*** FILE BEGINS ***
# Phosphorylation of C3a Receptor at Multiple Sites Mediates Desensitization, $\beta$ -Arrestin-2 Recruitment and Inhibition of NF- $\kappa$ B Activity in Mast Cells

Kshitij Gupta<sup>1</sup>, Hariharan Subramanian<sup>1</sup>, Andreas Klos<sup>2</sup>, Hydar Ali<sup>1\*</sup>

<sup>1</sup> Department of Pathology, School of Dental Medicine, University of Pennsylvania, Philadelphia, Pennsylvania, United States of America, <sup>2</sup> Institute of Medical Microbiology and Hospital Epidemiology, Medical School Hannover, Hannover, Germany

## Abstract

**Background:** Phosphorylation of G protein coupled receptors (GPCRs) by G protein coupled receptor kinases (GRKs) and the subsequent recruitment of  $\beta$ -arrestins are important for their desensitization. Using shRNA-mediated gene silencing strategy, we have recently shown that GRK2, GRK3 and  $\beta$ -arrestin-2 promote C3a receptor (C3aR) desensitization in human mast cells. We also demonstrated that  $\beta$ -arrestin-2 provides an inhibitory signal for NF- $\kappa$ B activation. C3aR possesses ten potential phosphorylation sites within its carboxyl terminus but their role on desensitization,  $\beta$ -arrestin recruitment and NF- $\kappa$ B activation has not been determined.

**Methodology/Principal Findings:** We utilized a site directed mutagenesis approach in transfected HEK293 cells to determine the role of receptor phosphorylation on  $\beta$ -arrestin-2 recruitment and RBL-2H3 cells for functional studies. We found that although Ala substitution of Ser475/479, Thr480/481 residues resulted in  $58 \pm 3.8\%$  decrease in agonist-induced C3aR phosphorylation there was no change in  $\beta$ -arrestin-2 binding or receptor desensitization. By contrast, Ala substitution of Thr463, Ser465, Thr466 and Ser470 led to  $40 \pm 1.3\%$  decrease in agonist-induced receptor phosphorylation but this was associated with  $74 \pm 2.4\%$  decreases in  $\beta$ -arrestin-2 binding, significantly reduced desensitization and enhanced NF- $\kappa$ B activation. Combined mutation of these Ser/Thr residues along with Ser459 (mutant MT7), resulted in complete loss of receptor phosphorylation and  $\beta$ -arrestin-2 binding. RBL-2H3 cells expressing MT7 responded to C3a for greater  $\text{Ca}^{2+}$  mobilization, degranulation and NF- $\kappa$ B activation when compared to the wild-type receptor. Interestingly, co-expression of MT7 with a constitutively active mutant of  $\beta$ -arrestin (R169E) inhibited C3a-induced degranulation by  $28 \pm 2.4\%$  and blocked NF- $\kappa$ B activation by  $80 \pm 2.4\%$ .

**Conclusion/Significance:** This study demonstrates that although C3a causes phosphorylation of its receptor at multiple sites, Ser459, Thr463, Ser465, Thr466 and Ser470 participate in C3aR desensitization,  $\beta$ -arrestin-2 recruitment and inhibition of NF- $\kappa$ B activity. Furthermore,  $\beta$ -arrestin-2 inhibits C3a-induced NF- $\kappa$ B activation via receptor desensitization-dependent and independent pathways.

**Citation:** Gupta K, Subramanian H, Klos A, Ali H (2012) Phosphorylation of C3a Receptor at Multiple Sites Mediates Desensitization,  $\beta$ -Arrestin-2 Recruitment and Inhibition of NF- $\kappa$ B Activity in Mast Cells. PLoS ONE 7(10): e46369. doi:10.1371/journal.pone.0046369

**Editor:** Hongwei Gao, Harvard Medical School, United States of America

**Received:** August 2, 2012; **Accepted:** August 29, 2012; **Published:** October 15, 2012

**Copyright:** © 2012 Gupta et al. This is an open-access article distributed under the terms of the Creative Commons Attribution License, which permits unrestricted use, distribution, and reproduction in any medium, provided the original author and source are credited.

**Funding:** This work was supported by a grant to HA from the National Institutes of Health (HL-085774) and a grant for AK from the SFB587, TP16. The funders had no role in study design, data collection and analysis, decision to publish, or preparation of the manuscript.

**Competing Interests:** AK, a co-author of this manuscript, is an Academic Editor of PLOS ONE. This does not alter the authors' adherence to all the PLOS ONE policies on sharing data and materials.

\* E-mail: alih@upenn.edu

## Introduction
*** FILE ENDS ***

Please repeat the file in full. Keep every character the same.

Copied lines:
# Phosphorylation of C3a Receptor at Multiple Sites Mediates Desensitization, $\beta$ -Arrestin-2 Recruitment and Inhibition of NF- $\kappa$ B Activity in Mast Cells

Kshitij Gupta<sup>1</sup>, Hariharan Subramanian<sup>1</sup>, Andreas Klos<sup>2</sup>, Hydar Ali<sup>1\*</sup>

<sup>1</sup> Department of Pathology, School of Dental Medicine, University of Pennsylvania, Philadelphia, Pennsylvania, United States of America, <sup>2</sup> Institute of Medical Microbiology and Hospital Epidemiology, Medical School Hannover, Hannover, Germany

## Abstract

**Background:** Phosphorylation of G protein coupled receptors (GPCRs) by G protein coupled receptor kinases (GRKs) and the subsequent recruitment of  $\beta$ -arrestins are important for their desensitization. Using shRNA-mediated gene silencing strategy, we have recently shown that GRK2, GRK3 and  $\beta$ -arrestin-2 promote C3a receptor (C3aR) desensitization in human mast cells. We also demonstrated that  $\beta$ -arrestin-2 provides an inhibitory signal for NF- $\kappa$ B activation. C3aR possesses ten potential phosphorylation sites within its carboxyl terminus but their role on desensitization,  $\beta$ -arrestin recruitment and NF- $\kappa$ B activation has not been determined.

**Methodology/Principal Findings:** We utilized a site directed mutagenesis approach in transfected HEK293 cells to determine the role of receptor phosphorylation on  $\beta$ -arrestin-2 recruitment and RBL-2H3 cells for functional studies. We found that although Ala substitution of Ser475/479, Thr480/481 residues resulted in  $58 \pm 3.8\%$  decrease in agonist-induced C3aR phosphorylation there was no change in  $\beta$ -arrestin-2 binding or receptor desensitization. By contrast, Ala substitution of Thr463, Ser465, Thr466 and Ser470 led to  $40 \pm 1.3\%$  decrease in agonist-induced receptor phosphorylation but this was associated with  $74 \pm 2.4\%$  decreases in  $\beta$ -arrestin-2 binding, significantly reduced desensitization and enhanced NF- $\kappa$ B activation. Combined mutation of these Ser/Thr residues along with Ser459 (mutant MT7), resulted in complete loss of receptor phosphorylation and  $\beta$ -arrestin-2 binding. RBL-2H3 cells expressing MT7 responded to C3a for greater  $\text{Ca}^{2+}$  mobilization, degranulation and NF- $\kappa$ B activation when compared to the wild-type receptor. Interestingly, co-expression of MT7 with a constitutively active mutant of  $\beta$ -arrestin (R169E) inhibited C3a-induced degranulation by  $28 \pm 2.4\%$  and blocked NF- $\kappa$ B activation by  $80 \pm 2.4\%$ .

**Conclusion/Significance:** This study demonstrates that although C3a causes phosphorylation of its receptor at multiple sites, Ser459, Thr463, Ser465, Thr466 and Ser470 participate in C3aR desensitization,  $\beta$ -arrestin-2 recruitment and inhibition of NF- $\kappa$ B activity. Furthermore,  $\beta$ -arrestin-2 inhibits C3a-induced NF- $\kappa$ B activation via receptor desensitization-dependent and independent pathways.

**Citation:** Gupta K, Subramanian H, Klos A, Ali H (2012) Phosphorylation of C3a Receptor at Multiple Sites Mediates Desensitization,  $\beta$ -Arrestin-2 Recruitment and Inhibition of NF- $\kappa$ B Activity in Mast Cells. PLoS ONE 7(10): e46369. doi:10.1371/journal.pone.0046369

**Editor:** Hongwei Gao, Harvard Medical School, United States of America

**Received:** August 2, 2012; **Accepted:** August 29, 2012; **Published:** October 15, 2012

**Copyright:** © 2012 Gupta et al. This is an open-access article distributed under the terms of the Creative Commons Attribution License, which permits unrestricted use, distribution, and reproduction in any medium, provided the original author and source are credited.

**Funding:** This work was supported by a grant to HA from the National Institutes of Health (HL-085774) and a grant for AK from the SFB587, TP16. The funders had no role in study design, data collection and analysis, decision to publish, or preparation of the manuscript.

**Competing Interests:** AK, a co-author of this manuscript, is an Academic Editor of PLOS ONE. This does not alter the authors' adherence to all the PLOS ONE policies on sharing data and materials.

\* E-mail: alih@upenn.edu

## Introduction